E.g. After I left banking I wanted to make a difference to people (the dream). But I did not know how I wanted to make that difference. I tried volunteering in Cambodia, training youths in Singapore, working for the government, and learning life coaching. I also enrolled in a leadership program. Eventually I decided on coaching and leadership.
Stage 2 — Perseverance and discipline
After the exploration stage, the person chooses a few forms to focus on. The person must be disciplined and put in consistent effort to master the new form of expression. The person meets with trials and challenges along the way as he expands himself. The key here is perseverance.
E.g. When I first started coaching I was very bad at it, and I kept failing. I also experienced great difficulty in my leadership training course, having to push many of my boundaries to gain proficiency in managing events, organising events, and speaking in public. But I persisted, and eventually gained proficiency in coaching and managing events.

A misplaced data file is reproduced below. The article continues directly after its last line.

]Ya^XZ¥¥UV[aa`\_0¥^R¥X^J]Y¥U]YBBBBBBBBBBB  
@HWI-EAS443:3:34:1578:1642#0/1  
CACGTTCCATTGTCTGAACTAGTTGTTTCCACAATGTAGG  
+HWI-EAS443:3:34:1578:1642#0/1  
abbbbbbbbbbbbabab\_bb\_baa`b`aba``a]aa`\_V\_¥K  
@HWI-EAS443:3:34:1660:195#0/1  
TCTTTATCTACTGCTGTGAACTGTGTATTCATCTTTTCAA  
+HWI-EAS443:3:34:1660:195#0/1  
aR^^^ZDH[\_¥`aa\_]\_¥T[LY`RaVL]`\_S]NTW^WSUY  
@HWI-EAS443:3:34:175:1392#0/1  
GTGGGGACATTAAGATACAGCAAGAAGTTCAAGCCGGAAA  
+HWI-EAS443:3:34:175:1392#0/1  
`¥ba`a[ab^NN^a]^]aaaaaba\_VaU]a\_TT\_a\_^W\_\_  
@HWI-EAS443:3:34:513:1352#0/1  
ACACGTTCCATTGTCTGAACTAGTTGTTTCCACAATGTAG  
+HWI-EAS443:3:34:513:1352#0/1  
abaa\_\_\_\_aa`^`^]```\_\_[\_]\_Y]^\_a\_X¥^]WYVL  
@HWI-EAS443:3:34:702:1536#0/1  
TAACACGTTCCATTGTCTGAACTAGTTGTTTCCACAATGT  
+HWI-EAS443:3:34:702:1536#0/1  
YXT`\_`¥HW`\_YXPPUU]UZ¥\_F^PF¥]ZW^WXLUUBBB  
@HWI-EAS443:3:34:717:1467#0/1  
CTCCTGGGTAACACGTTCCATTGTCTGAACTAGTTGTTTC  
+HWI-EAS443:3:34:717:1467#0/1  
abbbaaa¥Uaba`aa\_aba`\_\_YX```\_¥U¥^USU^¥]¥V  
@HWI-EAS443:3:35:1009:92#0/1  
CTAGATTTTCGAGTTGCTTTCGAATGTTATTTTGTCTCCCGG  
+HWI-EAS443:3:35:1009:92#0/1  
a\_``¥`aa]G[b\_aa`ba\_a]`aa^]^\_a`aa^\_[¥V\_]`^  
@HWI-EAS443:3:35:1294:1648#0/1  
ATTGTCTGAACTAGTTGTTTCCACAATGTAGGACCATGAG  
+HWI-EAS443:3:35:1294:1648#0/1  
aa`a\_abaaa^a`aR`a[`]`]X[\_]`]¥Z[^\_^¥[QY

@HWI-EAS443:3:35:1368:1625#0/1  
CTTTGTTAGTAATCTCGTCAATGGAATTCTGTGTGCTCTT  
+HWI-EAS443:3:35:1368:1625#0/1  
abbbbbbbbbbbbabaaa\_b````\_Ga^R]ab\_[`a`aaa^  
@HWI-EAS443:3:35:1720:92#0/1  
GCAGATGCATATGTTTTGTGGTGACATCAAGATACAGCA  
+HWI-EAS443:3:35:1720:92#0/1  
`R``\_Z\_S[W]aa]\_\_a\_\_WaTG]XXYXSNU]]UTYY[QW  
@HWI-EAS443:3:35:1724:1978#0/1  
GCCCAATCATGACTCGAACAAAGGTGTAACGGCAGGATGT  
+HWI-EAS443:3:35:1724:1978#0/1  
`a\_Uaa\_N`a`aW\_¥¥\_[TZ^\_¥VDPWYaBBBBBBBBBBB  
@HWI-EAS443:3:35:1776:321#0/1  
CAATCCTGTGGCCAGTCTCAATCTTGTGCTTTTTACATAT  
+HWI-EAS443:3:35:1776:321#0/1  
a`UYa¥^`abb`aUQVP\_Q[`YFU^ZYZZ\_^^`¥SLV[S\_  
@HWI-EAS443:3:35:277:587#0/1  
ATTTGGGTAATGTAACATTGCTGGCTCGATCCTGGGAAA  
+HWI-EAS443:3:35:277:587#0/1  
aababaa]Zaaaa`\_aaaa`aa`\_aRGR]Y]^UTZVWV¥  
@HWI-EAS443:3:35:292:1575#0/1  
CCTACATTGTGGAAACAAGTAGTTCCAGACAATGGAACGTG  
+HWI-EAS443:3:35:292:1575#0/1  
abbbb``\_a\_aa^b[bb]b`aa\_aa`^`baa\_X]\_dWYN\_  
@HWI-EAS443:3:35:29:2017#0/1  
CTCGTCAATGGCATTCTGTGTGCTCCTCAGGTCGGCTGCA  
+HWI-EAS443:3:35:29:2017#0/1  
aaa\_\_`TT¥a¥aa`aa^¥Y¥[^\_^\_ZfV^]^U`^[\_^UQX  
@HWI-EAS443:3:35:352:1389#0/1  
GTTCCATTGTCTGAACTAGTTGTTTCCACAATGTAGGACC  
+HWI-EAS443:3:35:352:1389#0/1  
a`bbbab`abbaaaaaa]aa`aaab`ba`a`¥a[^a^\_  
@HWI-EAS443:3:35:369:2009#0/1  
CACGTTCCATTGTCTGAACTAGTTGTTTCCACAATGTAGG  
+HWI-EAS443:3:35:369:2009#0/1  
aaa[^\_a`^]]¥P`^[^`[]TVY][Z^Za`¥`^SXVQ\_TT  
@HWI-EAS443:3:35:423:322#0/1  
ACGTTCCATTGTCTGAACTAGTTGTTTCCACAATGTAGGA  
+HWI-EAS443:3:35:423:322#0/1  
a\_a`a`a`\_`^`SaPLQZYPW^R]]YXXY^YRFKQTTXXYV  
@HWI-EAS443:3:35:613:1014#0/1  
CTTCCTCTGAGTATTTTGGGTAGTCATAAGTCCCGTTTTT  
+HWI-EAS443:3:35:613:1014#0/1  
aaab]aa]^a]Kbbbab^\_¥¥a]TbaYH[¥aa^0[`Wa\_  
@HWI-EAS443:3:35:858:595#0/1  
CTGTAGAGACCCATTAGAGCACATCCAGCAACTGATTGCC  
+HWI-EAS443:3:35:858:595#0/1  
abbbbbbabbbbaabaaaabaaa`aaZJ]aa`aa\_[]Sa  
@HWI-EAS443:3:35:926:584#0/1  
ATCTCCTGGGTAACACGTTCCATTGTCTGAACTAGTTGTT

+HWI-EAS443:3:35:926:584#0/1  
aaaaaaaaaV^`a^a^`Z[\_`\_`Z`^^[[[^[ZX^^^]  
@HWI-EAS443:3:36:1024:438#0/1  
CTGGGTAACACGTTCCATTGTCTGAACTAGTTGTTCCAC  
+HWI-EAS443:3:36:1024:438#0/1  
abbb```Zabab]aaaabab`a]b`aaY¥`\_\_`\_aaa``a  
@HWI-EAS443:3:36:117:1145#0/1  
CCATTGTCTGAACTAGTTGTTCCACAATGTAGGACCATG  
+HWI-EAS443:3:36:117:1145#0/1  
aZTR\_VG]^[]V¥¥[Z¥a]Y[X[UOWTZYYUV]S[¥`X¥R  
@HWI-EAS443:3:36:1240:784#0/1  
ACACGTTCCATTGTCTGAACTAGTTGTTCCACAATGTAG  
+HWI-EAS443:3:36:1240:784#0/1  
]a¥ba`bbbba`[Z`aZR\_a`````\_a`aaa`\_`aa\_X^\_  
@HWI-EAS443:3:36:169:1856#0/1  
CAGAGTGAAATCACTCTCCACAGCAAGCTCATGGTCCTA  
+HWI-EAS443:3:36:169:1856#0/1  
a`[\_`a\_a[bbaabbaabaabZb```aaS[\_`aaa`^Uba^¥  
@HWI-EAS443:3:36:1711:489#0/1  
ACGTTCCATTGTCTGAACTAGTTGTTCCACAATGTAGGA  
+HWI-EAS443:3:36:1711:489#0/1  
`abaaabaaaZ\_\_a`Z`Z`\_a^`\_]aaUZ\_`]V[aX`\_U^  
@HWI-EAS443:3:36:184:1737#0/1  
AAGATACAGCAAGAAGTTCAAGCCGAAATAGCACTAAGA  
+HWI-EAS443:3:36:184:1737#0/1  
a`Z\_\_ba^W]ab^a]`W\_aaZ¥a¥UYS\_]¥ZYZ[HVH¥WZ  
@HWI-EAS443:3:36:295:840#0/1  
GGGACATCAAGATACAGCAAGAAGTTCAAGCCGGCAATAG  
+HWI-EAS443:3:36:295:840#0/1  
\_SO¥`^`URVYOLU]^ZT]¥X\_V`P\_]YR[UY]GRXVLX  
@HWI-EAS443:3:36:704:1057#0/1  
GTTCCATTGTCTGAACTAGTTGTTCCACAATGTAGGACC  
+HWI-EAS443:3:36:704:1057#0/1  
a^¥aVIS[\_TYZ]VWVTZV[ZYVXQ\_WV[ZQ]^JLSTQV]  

Stage 3 — Outward balance, internal conflict
Although the person has made headway into mastering the new form and has manifested certain elements of his dream, remnants of his old life remain. Part of him clings to the safety of the old life, while the growing part yearns for expansion and breakthrough. Both sides are in constant conflict. As one side gets stronger, so does the other.
E.g. I had a full time job that provided me a stable salary while I explored coaching on the side, coaching people on evenings and weekends. Part of me wanted to cling to the security of a full-time job, while the other part of me wondered what it would be like to dive fully into coaching and make that the primary focus of my life.
Stage 4 — Choice and commitment
To progress successfully to Stage 4, the person must make a choice to go all in. This feels like jumping off a cliff blindfolded. The person does not know whether things will work out, but he must leap anyway. As the person leaps, he soars into the sky. He is rewarded with synchronicities, help, success, and manifestations beyond his imagination.